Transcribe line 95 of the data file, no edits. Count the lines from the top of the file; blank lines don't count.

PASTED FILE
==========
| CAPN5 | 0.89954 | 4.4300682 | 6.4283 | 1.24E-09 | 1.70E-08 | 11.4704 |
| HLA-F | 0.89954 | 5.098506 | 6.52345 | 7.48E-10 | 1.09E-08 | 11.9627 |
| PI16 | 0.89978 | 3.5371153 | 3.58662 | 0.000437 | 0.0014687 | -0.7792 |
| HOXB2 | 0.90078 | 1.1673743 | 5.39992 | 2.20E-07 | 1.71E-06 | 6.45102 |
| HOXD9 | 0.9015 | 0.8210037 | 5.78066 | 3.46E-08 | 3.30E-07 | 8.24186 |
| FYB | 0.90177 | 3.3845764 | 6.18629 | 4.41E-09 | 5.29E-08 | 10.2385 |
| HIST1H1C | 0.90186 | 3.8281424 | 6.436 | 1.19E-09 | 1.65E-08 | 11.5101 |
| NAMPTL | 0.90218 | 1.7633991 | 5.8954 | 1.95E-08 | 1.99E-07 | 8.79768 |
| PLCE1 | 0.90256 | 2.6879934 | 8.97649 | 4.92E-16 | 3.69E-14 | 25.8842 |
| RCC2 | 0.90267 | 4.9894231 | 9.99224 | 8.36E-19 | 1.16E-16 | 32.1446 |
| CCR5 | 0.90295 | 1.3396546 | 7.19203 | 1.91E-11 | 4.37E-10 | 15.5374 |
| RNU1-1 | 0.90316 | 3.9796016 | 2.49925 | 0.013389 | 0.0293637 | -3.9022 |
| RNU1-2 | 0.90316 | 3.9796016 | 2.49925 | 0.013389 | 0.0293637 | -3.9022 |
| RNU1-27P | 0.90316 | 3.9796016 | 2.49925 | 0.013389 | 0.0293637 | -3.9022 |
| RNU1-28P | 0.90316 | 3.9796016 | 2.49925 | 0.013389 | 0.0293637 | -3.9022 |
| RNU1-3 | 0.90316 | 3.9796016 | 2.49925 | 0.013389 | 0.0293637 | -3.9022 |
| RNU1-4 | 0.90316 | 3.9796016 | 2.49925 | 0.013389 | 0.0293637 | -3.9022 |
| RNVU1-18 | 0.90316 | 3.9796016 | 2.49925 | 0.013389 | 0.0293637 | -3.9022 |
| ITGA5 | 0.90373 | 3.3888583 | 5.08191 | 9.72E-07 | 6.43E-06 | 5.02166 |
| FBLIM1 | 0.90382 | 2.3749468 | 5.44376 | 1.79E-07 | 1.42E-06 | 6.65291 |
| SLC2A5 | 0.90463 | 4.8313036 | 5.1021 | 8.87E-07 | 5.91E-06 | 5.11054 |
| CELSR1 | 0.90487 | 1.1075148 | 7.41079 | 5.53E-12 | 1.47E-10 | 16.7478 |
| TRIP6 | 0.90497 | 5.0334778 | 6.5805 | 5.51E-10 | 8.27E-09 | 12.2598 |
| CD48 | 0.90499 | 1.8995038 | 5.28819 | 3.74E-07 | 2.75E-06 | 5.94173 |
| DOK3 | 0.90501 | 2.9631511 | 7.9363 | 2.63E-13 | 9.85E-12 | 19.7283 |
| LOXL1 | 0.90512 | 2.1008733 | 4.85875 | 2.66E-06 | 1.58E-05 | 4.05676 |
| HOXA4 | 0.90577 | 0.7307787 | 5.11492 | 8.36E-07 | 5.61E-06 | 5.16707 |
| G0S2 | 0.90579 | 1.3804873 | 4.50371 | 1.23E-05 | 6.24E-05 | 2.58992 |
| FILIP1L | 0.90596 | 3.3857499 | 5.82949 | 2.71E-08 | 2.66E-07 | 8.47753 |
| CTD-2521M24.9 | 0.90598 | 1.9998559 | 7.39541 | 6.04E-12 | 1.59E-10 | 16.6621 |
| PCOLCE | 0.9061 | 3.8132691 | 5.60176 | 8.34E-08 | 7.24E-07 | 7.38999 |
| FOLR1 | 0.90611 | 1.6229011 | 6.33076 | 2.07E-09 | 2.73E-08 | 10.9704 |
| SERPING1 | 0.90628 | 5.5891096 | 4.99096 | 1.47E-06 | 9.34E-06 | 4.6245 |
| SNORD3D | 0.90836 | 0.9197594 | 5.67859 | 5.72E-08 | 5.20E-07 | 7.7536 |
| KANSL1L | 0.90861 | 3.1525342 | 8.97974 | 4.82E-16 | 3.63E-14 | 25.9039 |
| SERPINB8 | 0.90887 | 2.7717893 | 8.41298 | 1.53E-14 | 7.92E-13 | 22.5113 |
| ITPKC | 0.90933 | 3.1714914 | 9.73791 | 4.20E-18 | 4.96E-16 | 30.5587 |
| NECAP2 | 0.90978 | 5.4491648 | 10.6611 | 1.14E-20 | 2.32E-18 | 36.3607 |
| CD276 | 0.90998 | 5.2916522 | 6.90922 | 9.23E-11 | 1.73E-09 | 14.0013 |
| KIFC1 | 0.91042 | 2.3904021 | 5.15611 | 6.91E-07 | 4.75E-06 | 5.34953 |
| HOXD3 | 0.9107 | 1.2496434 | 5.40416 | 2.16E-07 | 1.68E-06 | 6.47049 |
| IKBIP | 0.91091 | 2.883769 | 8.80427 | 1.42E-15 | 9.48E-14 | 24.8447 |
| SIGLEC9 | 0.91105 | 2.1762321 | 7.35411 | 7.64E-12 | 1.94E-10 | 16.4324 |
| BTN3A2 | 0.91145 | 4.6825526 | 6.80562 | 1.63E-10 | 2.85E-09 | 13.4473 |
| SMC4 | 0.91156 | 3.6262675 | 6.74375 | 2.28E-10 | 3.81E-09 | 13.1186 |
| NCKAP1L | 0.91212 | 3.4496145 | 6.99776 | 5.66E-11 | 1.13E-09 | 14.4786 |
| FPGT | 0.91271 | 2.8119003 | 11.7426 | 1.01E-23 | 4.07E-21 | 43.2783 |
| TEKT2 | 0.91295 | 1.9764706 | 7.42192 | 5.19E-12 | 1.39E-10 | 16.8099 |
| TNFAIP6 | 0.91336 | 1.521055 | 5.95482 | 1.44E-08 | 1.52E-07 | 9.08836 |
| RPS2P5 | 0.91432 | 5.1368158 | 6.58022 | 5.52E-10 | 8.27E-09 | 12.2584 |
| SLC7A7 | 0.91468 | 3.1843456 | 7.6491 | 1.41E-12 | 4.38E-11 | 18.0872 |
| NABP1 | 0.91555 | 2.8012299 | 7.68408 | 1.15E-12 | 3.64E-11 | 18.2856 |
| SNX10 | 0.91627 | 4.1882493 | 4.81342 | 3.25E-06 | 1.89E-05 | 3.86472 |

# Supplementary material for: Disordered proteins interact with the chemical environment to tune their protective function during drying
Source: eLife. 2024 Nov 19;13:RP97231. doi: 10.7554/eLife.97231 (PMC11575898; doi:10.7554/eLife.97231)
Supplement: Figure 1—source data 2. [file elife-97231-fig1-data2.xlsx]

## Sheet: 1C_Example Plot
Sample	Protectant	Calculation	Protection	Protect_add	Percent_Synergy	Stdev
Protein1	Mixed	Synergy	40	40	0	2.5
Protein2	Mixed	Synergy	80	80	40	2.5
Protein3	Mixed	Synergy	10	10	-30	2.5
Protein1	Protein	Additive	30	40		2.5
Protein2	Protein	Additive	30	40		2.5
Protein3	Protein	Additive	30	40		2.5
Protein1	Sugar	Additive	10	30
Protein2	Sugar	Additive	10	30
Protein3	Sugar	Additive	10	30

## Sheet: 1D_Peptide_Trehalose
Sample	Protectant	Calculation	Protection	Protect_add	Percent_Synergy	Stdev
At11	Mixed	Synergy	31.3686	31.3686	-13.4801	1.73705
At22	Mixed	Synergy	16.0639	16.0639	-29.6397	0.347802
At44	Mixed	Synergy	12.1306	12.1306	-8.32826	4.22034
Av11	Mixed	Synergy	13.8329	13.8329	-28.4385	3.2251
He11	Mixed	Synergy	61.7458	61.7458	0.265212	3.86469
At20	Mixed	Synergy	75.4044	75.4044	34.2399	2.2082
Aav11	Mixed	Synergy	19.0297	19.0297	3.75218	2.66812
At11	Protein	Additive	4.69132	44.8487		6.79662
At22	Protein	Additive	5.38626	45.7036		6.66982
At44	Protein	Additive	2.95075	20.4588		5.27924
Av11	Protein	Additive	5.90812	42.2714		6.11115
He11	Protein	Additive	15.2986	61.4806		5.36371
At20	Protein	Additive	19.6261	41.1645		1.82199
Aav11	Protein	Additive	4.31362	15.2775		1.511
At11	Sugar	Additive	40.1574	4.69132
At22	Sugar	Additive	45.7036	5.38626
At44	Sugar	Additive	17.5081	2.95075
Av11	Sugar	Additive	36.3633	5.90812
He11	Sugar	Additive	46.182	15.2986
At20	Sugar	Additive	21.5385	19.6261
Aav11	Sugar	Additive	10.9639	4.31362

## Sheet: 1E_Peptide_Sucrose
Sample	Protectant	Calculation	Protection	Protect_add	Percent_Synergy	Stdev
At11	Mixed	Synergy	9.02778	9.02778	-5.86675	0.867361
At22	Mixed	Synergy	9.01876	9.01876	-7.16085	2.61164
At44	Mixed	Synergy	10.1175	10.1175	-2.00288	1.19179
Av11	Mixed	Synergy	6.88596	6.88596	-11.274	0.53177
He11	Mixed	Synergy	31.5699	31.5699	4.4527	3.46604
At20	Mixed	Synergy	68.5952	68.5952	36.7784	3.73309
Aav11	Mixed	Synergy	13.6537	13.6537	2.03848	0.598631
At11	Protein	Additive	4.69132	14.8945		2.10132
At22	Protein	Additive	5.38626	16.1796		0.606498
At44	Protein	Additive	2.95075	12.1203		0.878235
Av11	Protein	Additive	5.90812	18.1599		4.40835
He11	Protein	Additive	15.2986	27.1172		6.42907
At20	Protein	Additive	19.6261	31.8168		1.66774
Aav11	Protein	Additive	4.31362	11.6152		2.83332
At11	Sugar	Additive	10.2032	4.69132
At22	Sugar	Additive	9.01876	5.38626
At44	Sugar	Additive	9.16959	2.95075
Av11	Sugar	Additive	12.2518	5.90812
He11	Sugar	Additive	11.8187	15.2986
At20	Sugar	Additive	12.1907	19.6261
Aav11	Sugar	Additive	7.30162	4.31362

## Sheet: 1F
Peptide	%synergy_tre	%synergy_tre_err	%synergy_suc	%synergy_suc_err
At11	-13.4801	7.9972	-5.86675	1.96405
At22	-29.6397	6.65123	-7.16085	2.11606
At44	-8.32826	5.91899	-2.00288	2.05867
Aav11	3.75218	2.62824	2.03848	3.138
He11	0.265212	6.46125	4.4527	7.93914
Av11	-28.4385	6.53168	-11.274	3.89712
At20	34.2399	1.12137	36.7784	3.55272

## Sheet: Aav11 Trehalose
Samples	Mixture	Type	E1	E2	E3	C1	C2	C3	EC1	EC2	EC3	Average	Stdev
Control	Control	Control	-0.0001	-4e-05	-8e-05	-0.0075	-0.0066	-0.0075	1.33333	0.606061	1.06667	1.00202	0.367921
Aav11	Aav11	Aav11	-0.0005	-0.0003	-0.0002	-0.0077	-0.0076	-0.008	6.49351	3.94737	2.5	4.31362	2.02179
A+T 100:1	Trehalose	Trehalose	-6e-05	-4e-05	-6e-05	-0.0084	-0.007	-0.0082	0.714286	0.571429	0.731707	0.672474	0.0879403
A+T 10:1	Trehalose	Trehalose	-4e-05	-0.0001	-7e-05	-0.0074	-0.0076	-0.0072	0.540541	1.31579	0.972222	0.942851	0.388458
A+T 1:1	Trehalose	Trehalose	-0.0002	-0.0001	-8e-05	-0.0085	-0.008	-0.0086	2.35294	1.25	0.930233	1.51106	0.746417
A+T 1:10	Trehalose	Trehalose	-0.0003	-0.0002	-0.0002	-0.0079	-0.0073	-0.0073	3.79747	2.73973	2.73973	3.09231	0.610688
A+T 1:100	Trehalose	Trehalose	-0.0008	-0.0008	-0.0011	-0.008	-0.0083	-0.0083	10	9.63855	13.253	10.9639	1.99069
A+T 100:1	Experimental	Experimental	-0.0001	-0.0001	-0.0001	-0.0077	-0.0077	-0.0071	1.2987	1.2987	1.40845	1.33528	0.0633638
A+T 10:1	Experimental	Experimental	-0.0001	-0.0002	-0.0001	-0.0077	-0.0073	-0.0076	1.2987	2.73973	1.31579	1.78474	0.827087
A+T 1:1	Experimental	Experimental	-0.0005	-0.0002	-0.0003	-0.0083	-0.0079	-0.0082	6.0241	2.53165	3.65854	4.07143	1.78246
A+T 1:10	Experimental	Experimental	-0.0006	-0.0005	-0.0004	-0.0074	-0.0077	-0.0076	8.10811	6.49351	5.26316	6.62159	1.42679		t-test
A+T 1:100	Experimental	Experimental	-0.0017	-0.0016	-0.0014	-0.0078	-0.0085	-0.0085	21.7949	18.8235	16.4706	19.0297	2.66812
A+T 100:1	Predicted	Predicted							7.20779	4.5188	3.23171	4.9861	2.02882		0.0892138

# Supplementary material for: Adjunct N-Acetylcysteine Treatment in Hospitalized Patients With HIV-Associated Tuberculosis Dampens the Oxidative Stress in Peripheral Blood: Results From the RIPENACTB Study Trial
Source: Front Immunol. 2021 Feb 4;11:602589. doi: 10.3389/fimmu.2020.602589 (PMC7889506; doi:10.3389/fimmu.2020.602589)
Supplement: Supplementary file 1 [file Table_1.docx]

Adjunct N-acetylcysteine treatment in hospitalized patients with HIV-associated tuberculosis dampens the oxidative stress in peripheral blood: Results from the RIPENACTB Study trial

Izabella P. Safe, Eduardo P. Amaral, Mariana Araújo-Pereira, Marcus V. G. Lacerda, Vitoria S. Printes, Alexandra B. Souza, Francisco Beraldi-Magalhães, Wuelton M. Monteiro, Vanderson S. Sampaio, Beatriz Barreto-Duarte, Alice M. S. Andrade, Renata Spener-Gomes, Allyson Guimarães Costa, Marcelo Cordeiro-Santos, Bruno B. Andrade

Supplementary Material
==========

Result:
At44	Mixed	Synergy	10.1175	10.1175	-2.00288	1.19179